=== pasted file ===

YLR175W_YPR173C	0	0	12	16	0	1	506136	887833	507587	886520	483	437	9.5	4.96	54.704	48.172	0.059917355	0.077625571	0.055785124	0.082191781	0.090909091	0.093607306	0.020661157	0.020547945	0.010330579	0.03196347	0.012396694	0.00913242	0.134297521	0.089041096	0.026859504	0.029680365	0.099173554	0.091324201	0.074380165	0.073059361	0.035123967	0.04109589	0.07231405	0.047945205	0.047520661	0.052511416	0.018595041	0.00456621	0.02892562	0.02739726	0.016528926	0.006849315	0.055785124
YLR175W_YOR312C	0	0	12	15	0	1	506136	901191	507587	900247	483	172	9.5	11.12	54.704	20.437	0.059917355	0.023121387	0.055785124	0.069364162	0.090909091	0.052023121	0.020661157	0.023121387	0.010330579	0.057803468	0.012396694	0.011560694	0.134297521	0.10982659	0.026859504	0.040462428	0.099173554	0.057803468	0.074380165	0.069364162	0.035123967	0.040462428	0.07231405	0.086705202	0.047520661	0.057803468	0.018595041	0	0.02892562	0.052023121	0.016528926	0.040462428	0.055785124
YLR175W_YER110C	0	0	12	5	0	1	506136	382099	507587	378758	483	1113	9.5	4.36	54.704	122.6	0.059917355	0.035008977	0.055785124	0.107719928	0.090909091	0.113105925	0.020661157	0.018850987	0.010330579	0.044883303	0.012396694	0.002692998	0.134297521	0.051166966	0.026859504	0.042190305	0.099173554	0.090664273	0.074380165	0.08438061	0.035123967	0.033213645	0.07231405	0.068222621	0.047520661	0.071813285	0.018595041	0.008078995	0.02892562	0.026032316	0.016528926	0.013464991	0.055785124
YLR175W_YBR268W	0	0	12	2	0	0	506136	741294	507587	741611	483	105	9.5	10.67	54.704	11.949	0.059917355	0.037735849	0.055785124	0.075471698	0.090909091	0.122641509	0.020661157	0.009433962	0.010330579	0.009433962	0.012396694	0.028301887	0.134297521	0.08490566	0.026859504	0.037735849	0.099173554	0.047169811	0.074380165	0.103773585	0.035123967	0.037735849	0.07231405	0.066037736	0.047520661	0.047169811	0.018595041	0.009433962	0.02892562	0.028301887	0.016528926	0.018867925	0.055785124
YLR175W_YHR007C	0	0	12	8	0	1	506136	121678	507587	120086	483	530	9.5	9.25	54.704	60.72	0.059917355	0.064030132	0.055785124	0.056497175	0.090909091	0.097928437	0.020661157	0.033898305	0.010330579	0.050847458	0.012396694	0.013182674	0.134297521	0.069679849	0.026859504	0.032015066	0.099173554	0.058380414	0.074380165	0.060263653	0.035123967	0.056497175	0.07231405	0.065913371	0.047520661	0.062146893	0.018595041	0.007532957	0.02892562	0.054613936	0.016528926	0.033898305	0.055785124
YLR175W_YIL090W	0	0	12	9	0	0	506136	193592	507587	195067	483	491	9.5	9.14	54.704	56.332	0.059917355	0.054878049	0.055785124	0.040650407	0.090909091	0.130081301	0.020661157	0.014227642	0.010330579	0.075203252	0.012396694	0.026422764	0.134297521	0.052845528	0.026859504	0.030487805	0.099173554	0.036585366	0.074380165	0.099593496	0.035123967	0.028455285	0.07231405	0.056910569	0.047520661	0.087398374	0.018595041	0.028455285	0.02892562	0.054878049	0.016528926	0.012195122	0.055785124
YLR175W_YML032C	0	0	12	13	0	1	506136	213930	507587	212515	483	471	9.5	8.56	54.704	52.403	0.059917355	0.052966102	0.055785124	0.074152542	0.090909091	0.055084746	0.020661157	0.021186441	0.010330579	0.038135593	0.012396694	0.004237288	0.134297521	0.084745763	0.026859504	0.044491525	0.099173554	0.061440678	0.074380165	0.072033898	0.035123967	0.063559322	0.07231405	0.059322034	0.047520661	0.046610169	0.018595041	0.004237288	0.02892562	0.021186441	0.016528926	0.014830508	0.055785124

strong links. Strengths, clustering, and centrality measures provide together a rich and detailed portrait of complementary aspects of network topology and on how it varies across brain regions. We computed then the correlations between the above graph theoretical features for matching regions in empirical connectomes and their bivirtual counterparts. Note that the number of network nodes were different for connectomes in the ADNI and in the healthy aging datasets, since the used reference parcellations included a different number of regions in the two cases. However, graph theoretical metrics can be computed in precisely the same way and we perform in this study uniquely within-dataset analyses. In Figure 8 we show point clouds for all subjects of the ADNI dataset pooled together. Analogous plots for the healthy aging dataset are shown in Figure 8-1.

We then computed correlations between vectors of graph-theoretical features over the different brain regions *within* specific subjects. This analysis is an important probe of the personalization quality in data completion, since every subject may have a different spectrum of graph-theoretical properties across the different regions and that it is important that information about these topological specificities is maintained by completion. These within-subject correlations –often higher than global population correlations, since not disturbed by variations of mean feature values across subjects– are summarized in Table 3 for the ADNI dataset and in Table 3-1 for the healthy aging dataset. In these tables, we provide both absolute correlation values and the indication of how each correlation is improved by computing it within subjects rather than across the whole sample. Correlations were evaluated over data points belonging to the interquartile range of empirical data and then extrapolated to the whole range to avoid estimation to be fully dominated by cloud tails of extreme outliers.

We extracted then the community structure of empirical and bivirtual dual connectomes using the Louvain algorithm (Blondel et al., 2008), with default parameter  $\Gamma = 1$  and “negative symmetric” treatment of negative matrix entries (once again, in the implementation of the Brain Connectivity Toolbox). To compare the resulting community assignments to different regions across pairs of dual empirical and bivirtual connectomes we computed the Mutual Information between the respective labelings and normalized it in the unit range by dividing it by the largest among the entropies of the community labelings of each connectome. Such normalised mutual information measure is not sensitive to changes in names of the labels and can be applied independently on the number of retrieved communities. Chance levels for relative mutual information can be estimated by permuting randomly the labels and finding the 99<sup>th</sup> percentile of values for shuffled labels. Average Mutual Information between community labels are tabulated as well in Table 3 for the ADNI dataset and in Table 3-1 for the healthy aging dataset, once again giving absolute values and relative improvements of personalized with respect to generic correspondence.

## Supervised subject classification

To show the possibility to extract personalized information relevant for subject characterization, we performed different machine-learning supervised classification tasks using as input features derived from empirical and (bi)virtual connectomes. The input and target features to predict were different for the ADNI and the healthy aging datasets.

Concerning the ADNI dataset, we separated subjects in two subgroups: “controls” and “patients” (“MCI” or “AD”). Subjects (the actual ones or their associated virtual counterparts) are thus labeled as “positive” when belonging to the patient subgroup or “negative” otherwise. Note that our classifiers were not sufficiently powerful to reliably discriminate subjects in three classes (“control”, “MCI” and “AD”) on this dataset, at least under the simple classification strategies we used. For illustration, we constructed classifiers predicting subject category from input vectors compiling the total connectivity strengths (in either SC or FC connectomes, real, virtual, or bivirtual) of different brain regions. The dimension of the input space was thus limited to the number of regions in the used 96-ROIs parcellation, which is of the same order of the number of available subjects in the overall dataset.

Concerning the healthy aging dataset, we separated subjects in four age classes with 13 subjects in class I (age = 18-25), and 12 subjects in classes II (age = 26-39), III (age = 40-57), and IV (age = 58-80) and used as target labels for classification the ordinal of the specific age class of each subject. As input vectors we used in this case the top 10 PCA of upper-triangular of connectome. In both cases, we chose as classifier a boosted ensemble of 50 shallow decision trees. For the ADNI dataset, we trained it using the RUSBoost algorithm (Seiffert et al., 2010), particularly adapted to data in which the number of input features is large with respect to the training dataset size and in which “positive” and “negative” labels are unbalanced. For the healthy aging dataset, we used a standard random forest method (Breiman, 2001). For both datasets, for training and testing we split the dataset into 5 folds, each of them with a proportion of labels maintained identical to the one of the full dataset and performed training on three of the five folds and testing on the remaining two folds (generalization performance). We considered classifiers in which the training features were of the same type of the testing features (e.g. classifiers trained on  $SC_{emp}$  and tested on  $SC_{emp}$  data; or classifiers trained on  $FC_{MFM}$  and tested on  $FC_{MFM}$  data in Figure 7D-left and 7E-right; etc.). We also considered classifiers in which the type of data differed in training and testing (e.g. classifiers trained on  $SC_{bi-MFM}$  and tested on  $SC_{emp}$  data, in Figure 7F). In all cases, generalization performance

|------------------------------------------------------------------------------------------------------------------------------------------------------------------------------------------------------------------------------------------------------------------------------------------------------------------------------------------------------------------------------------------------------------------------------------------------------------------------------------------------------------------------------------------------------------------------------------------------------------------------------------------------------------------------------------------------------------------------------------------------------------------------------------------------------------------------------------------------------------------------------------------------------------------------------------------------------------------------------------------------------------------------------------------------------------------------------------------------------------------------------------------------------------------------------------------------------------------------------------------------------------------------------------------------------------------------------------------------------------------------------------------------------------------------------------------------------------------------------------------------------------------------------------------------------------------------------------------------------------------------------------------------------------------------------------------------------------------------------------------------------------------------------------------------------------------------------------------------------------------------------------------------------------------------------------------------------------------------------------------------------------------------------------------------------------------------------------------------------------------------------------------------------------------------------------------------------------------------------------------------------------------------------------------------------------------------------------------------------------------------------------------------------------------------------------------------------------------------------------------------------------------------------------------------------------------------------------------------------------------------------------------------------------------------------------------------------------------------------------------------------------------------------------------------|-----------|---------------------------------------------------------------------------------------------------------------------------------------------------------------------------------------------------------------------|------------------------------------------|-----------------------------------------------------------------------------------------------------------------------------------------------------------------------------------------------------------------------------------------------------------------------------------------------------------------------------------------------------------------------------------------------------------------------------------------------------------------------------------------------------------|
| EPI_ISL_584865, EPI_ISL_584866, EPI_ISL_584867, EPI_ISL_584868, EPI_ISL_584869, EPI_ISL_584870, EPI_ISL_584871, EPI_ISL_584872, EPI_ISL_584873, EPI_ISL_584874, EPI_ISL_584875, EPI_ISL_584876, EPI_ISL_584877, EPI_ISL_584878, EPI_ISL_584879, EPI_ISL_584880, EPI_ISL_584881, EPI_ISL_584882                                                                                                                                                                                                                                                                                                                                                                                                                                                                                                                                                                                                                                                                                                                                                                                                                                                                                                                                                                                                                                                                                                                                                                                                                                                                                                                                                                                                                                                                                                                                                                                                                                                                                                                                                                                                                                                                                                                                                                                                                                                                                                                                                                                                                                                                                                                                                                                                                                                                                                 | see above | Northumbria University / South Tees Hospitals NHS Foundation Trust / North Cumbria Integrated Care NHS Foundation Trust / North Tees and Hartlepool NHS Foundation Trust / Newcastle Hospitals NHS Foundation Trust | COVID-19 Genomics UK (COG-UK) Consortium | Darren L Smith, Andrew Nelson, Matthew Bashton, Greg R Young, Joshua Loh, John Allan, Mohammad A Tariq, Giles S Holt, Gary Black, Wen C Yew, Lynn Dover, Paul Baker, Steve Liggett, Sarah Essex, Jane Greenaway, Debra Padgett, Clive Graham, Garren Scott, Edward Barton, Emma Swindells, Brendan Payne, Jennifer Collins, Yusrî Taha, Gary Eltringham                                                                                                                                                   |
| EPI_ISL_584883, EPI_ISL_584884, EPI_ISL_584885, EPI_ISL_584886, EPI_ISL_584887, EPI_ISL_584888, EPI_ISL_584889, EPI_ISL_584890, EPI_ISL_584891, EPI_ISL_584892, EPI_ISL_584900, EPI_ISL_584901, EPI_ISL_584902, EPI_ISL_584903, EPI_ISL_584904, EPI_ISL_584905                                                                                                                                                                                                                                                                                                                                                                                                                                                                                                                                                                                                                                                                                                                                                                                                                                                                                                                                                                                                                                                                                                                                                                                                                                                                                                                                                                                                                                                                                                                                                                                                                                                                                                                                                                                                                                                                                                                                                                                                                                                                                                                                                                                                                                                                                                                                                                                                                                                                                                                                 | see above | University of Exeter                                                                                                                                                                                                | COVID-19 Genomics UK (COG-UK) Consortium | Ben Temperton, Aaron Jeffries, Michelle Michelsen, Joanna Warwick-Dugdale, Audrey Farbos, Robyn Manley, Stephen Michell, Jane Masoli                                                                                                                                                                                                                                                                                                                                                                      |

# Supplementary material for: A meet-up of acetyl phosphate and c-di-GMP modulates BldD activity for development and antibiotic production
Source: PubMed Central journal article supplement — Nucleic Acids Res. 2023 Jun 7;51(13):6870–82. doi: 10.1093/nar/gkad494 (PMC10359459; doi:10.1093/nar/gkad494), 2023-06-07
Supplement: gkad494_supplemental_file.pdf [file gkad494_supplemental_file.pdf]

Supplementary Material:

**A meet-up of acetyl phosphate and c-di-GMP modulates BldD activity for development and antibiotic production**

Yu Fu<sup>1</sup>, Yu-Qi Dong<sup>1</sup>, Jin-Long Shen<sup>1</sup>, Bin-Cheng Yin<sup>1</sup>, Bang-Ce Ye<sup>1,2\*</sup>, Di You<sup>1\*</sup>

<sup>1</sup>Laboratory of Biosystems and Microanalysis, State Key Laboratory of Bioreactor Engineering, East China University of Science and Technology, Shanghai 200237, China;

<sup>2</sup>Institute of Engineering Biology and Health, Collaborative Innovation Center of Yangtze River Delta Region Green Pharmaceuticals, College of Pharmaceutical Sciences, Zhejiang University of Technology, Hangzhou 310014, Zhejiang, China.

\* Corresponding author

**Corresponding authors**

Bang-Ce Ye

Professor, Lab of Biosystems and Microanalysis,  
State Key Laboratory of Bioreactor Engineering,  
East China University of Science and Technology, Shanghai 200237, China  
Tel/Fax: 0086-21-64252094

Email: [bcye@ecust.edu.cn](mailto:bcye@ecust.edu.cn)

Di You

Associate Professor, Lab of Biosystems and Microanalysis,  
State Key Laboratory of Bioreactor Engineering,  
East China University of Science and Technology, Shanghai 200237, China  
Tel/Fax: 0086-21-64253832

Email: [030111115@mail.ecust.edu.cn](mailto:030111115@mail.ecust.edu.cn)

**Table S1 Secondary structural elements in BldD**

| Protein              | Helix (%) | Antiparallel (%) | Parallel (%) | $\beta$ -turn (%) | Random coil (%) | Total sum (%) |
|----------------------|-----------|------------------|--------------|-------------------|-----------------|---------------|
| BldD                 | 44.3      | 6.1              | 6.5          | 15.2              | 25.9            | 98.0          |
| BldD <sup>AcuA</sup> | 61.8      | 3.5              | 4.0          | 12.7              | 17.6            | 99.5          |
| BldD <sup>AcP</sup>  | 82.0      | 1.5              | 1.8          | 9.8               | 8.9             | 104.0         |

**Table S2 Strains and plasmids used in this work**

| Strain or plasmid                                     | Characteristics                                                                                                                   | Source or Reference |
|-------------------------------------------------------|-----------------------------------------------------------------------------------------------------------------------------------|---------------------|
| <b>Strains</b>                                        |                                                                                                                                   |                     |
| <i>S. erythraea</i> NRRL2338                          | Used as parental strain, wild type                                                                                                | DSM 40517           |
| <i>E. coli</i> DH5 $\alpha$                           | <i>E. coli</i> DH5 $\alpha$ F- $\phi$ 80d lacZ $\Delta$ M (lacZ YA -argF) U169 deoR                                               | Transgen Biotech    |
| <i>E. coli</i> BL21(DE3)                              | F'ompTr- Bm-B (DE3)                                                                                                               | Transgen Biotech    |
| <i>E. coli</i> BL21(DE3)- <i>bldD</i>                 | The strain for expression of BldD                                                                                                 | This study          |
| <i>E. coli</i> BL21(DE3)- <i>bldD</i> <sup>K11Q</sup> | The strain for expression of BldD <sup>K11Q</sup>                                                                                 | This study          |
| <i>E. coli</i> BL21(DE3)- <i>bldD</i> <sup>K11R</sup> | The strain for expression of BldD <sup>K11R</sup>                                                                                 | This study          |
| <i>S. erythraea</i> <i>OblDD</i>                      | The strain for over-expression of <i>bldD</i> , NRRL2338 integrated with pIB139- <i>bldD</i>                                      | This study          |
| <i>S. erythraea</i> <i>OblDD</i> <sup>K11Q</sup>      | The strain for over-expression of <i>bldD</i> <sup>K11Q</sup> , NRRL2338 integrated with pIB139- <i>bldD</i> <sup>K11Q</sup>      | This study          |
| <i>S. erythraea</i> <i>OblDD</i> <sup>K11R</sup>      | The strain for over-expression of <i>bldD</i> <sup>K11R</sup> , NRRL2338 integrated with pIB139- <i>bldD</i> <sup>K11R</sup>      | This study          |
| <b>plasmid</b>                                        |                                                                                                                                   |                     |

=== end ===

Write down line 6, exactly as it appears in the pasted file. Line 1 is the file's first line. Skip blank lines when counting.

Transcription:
YLR175W_YIL090W	0	0	12	9	0	0	506136	193592	507587	195067	483	491	9.5	9.14	54.704	56.332	0.059917355	0.054878049	0.055785124	0.040650407	0.090909091	0.130081301	0.020661157	0.014227642	0.010330579	0.075203252	0.012396694	0.026422764	0.134297521	0.052845528	0.026859504	0.030487805	0.099173554	0.036585366	0.074380165	0.099593496	0.035123967	0.028455285	0.07231405	0.056910569	0.047520661	0.087398374	0.018595041	0.028455285	0.02892562	0.054878049	0.016528926	0.012195122	0.055785124